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What is DSL

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What is DSL?

DSL stands for Digital Subscriber Line, which is not very descriptive. It does not tell you what it is, how it works, or what it does. DSL is like your standard home telephone line. It is a very small electric charge that is sent down two pieces of wire, usually copper. When the phone rings a different type of electric charge is sent through which causes your phone to ring. When you pick up, different electrical charges come in and cause the speaker in your receiver to vibrate in a certain way so you can hear sound come through.

DSL takes a large electrical charge and shoots it down the line, creating a digital connection. Your standard telephone is an analog connection with sound, where the digital connection works by sending 0’s and 1’s back and forth to your computer. This is why DSL can run so much faster than a regular modem. It is not dependent on sounds. Sounds have a limitation to what kind of range they can have. Digital is based on numbers, and a "0" is always a "0" and a "1" is always a "1."

A limitation with DSL is how far this electrical current can travel. It is a fairly large electrical current, at least when compared to the current of a standard telephone line. The strength of an electrical current goes down with the square of the distance you are from where the electrical charge starts. For example, if you send out a charge which is 100 units. At distance 1, it is still 100. At distance 2 it doesn’t cut in half, it goes to 1/4, or the square of the distance (eg.2 2) which is 4. One divided by 4 is .25, so you multiply that by the signal strength of 100. At distance 3, it is about 11 (3 2), which is 9. 1 divided by 9 is about .1111, so 11. There is a range limitation on DSL based on the distance from where the signal starts.

DSL equipment that puts the signal over the line is also very expensive. This is one of the reasons why so many DSL companies are having problems. They put all this money into placing pieces of equipment all over the country. The actual reasonable distance for DSL is about 3 miles from the piece of equipment. If you think about the coverage that you would like to have for DSL, which is practically everywhere, then you have to put a piece of $100,000 equipment every three miles. The costs add up dramatically. DSL will NOT run over fiber optical networks. It requires an electrical current to work, so it cannot take advantage of advances in speed and networking.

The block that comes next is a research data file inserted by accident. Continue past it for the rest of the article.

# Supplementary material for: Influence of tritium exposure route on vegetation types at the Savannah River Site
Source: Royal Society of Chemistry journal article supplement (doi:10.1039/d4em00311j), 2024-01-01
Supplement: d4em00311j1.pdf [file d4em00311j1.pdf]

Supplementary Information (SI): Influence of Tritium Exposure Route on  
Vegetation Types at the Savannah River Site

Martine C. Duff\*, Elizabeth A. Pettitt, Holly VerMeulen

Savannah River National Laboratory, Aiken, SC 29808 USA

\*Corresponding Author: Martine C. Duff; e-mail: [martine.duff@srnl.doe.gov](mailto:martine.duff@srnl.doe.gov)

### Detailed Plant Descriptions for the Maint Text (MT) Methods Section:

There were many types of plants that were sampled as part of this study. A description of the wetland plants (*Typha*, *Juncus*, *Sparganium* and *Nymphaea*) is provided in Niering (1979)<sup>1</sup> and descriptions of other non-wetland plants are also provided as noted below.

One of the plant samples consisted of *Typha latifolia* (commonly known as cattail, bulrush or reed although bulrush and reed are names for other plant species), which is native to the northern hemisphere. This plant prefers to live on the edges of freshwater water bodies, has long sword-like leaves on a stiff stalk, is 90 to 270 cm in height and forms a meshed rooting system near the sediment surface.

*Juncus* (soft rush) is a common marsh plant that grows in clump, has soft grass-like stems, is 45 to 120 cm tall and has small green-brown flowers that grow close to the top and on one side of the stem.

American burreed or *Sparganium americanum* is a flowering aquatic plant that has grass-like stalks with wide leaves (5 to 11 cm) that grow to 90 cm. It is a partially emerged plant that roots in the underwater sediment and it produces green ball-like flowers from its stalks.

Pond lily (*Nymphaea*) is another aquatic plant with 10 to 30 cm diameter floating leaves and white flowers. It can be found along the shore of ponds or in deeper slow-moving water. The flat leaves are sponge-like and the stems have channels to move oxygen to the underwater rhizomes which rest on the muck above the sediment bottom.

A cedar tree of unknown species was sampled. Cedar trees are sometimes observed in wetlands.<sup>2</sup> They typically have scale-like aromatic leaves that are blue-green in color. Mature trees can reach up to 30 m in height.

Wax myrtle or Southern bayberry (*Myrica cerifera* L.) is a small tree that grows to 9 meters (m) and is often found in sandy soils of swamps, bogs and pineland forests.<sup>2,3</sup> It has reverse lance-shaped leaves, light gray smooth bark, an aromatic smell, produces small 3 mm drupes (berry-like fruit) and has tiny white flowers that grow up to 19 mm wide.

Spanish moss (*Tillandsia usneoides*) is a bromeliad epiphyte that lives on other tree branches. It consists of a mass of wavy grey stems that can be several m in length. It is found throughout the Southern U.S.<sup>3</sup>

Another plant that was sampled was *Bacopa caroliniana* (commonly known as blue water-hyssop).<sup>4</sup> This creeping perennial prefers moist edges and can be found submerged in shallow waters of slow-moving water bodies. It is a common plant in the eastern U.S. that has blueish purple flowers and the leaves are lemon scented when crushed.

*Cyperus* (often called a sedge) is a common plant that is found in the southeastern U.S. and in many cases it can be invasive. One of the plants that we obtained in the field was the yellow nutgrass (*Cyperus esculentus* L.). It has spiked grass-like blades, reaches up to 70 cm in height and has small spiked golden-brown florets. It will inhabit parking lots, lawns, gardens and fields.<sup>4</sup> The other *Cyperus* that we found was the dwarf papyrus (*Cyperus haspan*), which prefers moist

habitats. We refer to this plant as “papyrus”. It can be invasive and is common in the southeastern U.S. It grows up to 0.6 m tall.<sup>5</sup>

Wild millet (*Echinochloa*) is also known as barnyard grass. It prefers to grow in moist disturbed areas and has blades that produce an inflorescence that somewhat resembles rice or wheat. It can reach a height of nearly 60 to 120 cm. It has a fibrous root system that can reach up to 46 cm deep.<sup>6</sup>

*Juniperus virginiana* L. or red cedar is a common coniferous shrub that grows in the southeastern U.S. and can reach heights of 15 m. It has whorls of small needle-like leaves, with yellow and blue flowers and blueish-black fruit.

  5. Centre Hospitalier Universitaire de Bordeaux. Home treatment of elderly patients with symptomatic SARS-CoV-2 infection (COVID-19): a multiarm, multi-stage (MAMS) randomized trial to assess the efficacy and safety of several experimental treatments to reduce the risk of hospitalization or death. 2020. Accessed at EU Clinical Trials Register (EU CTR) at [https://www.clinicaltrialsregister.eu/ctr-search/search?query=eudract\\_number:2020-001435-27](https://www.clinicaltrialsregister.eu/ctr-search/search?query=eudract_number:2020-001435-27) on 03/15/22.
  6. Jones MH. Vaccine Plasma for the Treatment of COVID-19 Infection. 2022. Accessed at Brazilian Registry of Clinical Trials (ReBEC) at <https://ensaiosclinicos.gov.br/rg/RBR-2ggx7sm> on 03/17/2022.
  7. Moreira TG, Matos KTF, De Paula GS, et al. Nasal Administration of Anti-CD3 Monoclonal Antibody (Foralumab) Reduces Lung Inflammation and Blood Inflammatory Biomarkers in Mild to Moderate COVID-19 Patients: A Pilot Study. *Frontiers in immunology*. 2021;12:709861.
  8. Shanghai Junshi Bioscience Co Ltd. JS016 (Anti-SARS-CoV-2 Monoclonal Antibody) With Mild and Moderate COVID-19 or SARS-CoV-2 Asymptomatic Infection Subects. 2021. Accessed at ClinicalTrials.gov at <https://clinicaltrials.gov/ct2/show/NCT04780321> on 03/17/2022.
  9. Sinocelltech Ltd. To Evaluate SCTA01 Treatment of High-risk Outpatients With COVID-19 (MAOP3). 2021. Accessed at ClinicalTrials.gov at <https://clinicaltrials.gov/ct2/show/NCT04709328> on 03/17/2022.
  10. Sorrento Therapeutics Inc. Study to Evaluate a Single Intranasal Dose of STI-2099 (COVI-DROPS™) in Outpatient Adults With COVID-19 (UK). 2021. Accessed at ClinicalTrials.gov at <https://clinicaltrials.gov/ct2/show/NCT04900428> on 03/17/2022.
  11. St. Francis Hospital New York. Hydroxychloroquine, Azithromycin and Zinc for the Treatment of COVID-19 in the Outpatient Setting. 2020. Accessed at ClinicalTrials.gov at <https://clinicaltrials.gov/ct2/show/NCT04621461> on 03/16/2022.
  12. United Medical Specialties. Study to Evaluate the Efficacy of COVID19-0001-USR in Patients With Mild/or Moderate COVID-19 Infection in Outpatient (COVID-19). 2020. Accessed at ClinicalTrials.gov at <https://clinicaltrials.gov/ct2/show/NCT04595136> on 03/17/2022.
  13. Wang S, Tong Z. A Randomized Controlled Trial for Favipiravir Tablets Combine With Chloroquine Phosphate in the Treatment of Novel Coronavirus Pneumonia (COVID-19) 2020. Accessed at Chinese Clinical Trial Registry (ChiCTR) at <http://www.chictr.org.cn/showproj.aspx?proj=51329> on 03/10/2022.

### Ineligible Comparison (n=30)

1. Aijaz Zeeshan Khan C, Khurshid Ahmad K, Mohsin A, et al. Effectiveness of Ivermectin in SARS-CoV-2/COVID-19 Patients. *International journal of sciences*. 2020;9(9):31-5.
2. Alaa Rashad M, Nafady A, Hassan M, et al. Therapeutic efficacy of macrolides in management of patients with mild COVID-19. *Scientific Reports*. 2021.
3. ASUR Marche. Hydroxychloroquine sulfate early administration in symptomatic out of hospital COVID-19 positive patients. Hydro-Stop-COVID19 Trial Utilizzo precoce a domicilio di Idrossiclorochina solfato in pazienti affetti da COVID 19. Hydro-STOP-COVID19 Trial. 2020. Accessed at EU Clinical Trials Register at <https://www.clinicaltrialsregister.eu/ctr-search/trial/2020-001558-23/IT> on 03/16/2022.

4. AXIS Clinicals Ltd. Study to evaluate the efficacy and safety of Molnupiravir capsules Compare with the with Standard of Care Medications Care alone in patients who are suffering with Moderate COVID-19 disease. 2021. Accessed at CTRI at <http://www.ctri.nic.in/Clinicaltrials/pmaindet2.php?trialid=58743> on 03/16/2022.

Many of the phone companies put their equipment in high population areas. They can afford large losses on the unregulated portion of their business because of the sheer volume they are getting from dial-up connections and e-mail, acting as pseudo ISPs. They can charge very low rates for their DSL, which makes it very hard to compete for other DSL companies since they have to put equipment into the same central offices, hook it into the local telecommunication company’s equipment, pay the telecommunication company as well as pay for the equipment and bill you for what is coming through.

There are really only a couple of DSL companies other than the old "Baby Bells" that are available today. Rhythms and CoVad come to mind. However, at the time of this writing (August 2001), neither is profitable and it is conceivable that either or both could go bankrupt any time - as several others have already done this year.

 

There are a number of different types of DSL services. There is ADSL, SDSL, and RADSL, for example. There are others, but these are the 3 basic types. Most of the telecommunication companies (telco’s) put in ADSL or RADSL. ADSL is generally the type of connection that Aim High!, Inc. installs.

ADSL is Asynchronous Digital Subscriber Line. Asynchronous means that you have one speed in one direction that is higher than the speed in the other direction. Most ADSL is twice the download speed as upload speed. This is how most ADSL works, which is what most of the baby bells started with, and, in Colorado, Qwest can still provide. When you ask for information from the internet, you would upload that at speed, for example, 5, and your information would go out to the internet. You would then get information back at speed 10. So, your download speed was twice your upload speed. If you asked for a 256k link, in general, you got 256 upload speed. So if you were sending to the Internet (something such as an e-mail or request for web information), it would upload significantly faster than a dial-up line, and it would download at 512, twice as fast as your upload speed. This really works well for small businesses or individuals and connections that don’t require a lot of uploading.